Lift each other up, ‘like Elizabeth did with Mary’

Ecumenical delegates to UN Commission on the Status of Women hear from former PC(USA) co-moderator

by Rich Copley | Presbyterian News Service

Ruling Elder Vilmarie Cintrón-Olivieri, co-moderator of the 223rd General Assembly (2018), preaches during Tuesday worship for the 65th United Nations Commission on the Status of Women. (Screenshot)

LEXINGTON, Kentucky — On International Women’s Day, Vilmarie Cintrón-Olivieri noticed her social media feeds were loaded with memes in celebration, but one stood out:

“On this day, we don’t need flowers. We need justice and equity.”

“I should have taken a screenshot,” Cintrón-Olivieri, co-moderator of the 223rd General Assembly of the Presbyterian Church (U.S.A.), said Tuesday morning to participants in the 65th United Nations Commission on the Status of Women. She was preaching at the daily worship service Ecumenical Women at the UN usually holds in the chapel of the Church Center for the United Nations during the UN Commission on the Status of Women (CSW).

Though this year’s commission is virtual, the chapel services are still taking place online, with different delegations leading worship each day. Tuesday was the day for the combined delegations of the Presbyterian Church (U.S.A.) and Presbyterian Women, hosted by the Presbyterian Ministry at the United Nations, to lead the half-hour service. The service was seen by CSW attendees from around the world, including a group from Pakistan, which chimed in on the chat, pointing out that at 8 a.m. Eastern Time, it was already nighttime in their country.

Cintrón-Olivieri preached from Luke 1:39-45, the passage in which Mary visits Elizabeth and Elizabeth’s unborn child, John the Baptist, leaps in Elizabeth’s womb upon hearing Mary’s voice.

“Mary was a very young woman, living in a male-dominated, patriarchal society, poor, with dangers surrounding her and her pregnancy,” Cintrón-Olivieri said. “She must have felt scared, confused and overwhelmed by the circumstances that surrounded her, as well as the enormity of the task of the call that the angel had announced. … After a long trip, Mary arrived at this place, a place that would be sanctuary.

“If I close my eyes, I can imagine the scene. I can see Mary calling out for Elizabeth, and I can see Elizabeth rushing to her, arms open wide and then closed in a warm, strong embrace. And then, engulfed in that embrace, filled with the Holy Spirit, Elizabeth explains loudly … ‘Oh dear one, blessed are you and blessed is this child you carry!’ … Can you picture the scene? The warm welcome, the embrace, the affirmation, the excitement. Mary must have felt it too. Because she burst out in song: ‘My soul magnifies the Lord,’ Mary said, ‘and my spirit rejoices in God, my Savior, for he has looked with favor on the lowliness of this servant. Surely, from now on, all generations will call me blessed.’”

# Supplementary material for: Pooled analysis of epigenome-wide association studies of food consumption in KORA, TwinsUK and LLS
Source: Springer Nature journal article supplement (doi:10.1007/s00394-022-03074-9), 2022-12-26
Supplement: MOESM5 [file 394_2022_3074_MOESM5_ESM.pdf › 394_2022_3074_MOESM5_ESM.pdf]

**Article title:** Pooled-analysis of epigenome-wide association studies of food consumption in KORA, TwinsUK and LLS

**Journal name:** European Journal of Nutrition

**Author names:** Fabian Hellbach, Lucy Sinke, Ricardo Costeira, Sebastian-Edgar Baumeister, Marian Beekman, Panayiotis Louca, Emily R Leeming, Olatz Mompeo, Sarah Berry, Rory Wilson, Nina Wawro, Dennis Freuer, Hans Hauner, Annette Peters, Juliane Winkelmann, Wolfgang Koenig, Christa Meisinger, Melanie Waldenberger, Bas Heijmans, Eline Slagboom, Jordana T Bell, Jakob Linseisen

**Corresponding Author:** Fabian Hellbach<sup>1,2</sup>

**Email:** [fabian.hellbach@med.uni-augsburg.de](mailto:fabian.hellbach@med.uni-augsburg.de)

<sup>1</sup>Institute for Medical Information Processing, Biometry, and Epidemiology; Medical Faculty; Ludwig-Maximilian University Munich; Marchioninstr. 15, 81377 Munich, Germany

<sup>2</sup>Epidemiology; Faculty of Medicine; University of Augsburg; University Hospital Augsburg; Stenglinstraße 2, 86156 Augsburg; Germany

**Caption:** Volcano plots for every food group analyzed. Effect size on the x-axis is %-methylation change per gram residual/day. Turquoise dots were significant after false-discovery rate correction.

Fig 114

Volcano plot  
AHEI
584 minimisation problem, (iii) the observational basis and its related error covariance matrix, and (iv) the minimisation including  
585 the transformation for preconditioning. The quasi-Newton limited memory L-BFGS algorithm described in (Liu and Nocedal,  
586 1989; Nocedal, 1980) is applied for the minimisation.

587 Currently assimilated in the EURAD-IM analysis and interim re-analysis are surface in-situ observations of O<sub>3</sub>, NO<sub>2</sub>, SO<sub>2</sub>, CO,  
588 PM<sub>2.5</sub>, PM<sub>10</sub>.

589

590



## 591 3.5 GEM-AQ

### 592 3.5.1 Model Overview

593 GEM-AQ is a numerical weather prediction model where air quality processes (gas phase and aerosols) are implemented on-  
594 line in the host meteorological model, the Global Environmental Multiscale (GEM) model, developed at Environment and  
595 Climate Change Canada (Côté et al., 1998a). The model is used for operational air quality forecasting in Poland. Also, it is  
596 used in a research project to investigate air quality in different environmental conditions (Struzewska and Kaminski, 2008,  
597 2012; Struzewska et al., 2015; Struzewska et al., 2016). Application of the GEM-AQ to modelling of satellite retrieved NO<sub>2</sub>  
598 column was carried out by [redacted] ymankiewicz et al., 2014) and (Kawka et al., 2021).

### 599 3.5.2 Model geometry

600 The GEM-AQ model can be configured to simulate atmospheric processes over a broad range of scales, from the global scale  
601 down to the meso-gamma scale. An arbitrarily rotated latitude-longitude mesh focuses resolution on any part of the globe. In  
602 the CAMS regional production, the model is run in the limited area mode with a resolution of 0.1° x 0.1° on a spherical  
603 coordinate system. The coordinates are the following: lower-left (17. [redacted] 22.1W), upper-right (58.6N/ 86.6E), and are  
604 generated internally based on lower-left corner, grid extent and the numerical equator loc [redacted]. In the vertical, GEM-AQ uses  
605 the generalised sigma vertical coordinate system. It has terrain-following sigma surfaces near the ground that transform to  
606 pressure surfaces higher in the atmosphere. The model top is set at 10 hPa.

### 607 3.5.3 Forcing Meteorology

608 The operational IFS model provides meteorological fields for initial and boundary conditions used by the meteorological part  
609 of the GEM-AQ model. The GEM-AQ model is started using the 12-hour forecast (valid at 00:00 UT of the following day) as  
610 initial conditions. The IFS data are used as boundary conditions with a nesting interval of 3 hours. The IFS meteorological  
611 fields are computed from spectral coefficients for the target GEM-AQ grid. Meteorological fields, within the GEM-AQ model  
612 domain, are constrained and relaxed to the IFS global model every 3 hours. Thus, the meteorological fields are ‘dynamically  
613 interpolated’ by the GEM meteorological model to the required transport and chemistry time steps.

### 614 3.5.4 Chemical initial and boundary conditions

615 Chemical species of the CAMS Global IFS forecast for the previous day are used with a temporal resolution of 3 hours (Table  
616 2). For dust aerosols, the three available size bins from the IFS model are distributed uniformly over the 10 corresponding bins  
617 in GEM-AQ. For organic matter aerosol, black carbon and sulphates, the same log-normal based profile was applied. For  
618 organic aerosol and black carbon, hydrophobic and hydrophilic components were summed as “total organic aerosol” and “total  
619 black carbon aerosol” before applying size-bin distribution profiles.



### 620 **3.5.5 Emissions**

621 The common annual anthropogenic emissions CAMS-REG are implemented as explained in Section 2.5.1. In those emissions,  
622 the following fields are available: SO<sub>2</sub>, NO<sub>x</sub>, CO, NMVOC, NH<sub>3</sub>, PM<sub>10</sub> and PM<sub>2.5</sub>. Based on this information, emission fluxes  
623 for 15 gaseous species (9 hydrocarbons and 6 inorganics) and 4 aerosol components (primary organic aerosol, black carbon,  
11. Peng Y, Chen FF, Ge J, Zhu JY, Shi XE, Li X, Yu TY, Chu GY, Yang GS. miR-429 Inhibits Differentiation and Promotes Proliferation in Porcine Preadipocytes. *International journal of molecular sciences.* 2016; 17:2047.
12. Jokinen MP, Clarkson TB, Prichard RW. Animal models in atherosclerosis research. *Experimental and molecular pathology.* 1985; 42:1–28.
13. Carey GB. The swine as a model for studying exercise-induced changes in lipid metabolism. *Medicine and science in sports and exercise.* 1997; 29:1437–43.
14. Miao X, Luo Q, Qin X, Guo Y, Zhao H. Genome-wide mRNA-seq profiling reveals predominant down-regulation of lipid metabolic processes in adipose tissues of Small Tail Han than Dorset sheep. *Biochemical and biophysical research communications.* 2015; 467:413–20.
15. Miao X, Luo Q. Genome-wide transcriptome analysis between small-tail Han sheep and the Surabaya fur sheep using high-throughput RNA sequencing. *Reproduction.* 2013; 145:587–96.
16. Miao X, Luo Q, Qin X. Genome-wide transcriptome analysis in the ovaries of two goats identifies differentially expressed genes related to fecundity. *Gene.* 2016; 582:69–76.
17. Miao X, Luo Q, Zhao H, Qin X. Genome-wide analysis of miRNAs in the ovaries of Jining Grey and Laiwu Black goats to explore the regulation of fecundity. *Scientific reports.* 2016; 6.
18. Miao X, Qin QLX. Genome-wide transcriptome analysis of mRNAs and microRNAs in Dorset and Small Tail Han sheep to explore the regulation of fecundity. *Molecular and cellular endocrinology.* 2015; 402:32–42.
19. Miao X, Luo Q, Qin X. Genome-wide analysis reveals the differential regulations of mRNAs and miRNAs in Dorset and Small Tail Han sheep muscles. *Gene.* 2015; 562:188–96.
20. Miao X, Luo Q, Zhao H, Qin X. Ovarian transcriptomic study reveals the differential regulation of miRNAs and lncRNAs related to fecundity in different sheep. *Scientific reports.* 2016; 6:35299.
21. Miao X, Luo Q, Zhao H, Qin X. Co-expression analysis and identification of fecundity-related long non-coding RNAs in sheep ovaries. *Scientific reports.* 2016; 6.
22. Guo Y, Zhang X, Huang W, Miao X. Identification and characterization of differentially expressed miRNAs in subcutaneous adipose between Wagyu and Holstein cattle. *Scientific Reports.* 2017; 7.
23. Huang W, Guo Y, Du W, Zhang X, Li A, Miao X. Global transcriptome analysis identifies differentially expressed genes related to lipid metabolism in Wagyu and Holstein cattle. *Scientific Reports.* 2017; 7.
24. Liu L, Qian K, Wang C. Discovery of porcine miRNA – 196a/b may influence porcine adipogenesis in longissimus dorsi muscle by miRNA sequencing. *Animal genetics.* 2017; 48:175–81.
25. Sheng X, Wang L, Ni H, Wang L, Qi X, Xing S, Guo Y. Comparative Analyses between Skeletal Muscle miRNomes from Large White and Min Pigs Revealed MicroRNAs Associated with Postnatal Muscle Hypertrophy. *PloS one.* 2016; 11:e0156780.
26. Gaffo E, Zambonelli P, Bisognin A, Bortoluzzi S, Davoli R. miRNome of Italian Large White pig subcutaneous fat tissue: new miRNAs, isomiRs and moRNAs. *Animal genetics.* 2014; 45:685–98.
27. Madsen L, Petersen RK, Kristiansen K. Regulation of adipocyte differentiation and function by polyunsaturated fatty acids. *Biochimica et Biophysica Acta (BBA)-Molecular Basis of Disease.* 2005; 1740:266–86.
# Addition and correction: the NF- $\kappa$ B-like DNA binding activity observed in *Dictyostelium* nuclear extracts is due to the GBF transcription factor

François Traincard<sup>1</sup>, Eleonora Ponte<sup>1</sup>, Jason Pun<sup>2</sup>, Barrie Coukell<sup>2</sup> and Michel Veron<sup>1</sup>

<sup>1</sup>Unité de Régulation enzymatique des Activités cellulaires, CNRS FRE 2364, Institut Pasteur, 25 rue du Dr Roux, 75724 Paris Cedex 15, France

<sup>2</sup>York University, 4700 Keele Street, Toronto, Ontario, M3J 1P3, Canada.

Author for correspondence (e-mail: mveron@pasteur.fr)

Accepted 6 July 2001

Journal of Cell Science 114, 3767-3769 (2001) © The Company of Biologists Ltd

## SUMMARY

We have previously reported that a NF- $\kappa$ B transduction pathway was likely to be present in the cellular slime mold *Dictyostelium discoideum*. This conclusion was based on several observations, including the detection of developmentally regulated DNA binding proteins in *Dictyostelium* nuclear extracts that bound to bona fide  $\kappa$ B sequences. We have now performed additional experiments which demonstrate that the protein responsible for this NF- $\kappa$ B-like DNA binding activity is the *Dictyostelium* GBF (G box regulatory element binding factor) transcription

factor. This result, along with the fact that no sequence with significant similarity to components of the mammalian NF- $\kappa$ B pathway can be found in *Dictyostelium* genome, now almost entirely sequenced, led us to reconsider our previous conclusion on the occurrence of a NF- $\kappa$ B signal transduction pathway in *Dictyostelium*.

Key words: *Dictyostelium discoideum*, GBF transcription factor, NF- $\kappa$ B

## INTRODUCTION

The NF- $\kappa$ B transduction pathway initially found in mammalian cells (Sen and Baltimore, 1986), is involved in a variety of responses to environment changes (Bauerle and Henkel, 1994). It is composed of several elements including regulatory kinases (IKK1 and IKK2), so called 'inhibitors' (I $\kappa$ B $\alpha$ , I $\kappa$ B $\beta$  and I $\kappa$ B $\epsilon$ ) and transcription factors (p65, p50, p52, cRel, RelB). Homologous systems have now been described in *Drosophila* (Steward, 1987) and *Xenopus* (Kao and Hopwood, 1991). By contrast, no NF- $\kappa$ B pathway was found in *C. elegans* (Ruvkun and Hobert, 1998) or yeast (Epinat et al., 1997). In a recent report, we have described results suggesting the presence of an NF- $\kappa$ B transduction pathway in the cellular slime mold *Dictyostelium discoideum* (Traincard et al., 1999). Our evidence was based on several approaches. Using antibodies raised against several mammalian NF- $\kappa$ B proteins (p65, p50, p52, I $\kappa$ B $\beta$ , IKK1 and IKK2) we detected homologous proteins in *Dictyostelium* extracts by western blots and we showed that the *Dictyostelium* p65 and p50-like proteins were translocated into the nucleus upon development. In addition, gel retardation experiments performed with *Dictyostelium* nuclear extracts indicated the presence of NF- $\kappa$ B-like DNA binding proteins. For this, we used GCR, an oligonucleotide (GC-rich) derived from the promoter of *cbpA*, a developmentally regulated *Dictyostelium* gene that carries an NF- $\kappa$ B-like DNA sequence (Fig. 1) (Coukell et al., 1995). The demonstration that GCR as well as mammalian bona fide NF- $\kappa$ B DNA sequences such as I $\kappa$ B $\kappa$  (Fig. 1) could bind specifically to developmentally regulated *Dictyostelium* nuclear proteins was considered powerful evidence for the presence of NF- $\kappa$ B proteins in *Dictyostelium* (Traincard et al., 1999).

Cintrón-Olivieri acknowledged she took a little poetic license in painting the joyful scene. But it was important to her to make the moment real to participants in the CSW.

“Women in leadership cannot help but think about the similarities between the women in this passage facing their almost impossible calls, and what we might feel as we step into leadership roles, respond to our own calls, and live out our ministries where we are very much still living in a male-dominated, patriarchal world,” Cintrón-Olivieri said.

She went on to detail challenges women around the world face, and even in the Presbyterian Church (U.S.A.) where, she said, “eight out of 10 female teaching elders in this denomination have experienced gender bias in the form of discrimination, sexual harassment, or prejudicial statements.” That was one of several points she mentioned, specific to the church.

“The struggle is real, and tough, and tiring,” Cintrón-Olivieri said. “And because of this, within our own sisterhood and sibling hood, we need to be more intentional than ever in lifting each other up, much like Elizabeth did with Mary, rejoicing with those who achieved their goals and dreams, encouraging, supporting, and empowering.”

Her rousing sermon was followed by Rory Cooney’s hymn “Canticle of Turning,” based on Mary’s joyful song that “the world is about to turn.”

Delegate Naomi McQuiller closed the service with a benediction echoing Cintrón-Olivieri’s sermon, saying, “may we become that place, that sanctuary, for each other and for all of God’s beloved children whose stories we will hear today and whose brave voices we will encounter: A place that is open, welcoming, affirming, and safe … a haven.”

Watch Tuesday’s worship service here.

The Presbyterian Ministry at the United Nations is one of the PC(USA) Advocacy Offices, which are part of the Compassion, Peace & Justice ministries of the Presbyterian Mission Agency.


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